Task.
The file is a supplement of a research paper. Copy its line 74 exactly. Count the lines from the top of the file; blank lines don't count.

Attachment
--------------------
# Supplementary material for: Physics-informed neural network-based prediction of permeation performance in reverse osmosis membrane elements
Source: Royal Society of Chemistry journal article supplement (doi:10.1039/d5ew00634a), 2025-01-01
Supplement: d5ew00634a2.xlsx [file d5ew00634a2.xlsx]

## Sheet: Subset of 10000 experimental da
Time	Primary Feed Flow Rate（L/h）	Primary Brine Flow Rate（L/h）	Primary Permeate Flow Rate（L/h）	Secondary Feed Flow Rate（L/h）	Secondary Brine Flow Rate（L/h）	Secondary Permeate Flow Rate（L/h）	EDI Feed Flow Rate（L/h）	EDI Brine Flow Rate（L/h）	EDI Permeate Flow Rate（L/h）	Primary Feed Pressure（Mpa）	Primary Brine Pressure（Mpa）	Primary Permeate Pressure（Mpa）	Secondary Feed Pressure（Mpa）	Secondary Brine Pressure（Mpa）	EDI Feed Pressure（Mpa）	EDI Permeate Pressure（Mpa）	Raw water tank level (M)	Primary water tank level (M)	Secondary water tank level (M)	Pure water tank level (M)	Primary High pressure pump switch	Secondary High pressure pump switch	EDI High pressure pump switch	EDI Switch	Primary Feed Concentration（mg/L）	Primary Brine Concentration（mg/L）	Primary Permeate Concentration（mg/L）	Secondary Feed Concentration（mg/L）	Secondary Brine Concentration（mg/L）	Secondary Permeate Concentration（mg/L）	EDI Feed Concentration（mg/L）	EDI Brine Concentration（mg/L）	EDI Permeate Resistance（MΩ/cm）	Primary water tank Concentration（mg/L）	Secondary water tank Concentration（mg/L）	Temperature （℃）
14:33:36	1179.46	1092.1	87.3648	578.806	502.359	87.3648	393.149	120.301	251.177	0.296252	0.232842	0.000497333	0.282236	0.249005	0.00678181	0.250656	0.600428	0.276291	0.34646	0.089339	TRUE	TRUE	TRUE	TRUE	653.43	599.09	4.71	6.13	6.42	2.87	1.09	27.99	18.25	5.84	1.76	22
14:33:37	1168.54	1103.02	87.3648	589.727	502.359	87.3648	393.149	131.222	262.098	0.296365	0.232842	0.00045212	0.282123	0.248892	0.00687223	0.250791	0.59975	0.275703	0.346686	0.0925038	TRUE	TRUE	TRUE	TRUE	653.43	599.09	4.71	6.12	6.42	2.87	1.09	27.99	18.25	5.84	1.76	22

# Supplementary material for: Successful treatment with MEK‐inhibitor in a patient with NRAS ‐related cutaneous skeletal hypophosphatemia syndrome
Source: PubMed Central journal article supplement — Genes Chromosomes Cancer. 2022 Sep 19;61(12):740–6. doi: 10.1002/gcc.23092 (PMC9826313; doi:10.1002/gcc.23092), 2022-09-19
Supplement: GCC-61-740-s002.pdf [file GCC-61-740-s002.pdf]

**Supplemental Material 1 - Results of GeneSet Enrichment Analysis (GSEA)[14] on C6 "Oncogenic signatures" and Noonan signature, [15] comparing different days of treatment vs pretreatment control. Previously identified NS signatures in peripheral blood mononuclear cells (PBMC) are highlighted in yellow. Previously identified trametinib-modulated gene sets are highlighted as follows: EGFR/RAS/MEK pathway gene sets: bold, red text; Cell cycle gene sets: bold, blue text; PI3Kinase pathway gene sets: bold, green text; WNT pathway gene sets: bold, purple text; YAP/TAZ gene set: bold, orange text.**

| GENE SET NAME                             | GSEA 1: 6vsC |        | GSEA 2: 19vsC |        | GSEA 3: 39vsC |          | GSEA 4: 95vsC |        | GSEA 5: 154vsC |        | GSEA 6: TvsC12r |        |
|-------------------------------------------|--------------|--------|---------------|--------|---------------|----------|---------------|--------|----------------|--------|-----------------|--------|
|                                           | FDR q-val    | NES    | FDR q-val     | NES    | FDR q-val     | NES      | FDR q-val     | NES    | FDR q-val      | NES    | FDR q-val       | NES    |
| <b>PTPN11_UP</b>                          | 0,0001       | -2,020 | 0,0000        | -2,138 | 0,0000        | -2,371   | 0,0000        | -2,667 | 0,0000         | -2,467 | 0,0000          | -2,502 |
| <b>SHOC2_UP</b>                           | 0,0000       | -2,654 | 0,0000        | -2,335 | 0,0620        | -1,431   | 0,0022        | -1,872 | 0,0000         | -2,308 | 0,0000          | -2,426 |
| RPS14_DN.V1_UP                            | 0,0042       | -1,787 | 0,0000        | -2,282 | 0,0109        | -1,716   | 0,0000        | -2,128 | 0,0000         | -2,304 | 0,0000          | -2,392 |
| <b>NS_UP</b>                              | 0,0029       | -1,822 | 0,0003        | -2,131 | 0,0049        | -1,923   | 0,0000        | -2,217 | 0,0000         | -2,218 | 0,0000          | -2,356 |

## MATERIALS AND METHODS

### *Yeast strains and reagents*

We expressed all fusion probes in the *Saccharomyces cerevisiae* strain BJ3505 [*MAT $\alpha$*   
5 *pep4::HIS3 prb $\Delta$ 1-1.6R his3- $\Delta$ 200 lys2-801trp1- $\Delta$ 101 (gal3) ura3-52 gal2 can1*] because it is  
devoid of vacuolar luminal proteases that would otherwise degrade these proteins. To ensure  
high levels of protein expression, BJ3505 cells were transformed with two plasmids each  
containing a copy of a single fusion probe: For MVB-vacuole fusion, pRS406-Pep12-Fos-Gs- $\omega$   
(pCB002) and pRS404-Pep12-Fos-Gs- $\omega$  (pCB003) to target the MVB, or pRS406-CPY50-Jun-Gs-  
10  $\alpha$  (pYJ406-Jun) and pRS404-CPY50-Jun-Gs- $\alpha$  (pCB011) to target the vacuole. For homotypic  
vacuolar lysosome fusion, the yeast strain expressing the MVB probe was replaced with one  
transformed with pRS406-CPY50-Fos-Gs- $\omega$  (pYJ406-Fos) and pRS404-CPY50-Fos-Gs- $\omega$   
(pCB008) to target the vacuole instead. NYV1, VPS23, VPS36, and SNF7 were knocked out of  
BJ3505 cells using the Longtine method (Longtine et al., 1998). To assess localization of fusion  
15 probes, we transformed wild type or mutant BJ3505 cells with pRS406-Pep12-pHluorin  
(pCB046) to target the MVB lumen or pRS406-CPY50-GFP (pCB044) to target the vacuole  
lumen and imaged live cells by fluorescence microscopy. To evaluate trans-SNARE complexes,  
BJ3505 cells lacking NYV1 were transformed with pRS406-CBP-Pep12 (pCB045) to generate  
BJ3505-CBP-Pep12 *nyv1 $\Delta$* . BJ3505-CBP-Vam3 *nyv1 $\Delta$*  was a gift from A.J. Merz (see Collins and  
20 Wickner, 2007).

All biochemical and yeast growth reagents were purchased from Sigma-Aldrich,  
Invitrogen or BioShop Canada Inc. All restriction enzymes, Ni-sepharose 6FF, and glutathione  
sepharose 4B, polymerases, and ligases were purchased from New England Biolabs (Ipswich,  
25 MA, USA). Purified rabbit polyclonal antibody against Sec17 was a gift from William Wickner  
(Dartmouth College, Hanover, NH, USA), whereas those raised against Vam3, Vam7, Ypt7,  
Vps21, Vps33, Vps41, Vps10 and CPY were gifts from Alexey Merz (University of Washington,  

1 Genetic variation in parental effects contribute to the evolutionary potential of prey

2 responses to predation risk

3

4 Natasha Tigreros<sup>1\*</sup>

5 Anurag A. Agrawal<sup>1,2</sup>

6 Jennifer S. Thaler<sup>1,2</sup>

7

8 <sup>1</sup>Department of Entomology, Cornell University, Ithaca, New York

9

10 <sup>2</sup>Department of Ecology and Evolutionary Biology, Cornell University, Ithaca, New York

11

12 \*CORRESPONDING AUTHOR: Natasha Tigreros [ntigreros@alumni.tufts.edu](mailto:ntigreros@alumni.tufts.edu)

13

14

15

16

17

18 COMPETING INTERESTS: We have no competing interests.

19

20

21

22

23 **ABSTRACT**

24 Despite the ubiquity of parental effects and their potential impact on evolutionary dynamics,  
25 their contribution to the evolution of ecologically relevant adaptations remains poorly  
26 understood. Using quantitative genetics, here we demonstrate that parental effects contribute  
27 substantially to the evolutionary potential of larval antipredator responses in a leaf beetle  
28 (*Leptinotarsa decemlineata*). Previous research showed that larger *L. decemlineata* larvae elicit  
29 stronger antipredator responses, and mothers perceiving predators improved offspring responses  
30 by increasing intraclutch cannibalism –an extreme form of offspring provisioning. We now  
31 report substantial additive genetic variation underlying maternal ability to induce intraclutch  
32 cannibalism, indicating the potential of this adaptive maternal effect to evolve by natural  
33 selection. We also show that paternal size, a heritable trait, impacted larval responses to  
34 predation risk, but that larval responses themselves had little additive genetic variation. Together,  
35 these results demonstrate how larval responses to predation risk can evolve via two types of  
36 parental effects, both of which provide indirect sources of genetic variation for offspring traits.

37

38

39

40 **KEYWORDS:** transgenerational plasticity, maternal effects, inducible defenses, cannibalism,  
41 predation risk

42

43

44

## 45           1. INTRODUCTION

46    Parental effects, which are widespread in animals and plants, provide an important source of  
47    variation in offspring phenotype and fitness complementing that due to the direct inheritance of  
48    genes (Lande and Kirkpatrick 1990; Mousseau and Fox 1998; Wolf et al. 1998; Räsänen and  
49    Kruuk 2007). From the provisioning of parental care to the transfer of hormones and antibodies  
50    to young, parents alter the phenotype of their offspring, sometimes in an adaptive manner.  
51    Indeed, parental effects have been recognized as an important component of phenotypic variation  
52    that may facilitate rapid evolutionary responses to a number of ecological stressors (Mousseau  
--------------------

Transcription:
31 report substantial additive genetic variation underlying maternal ability to induce intraclutch  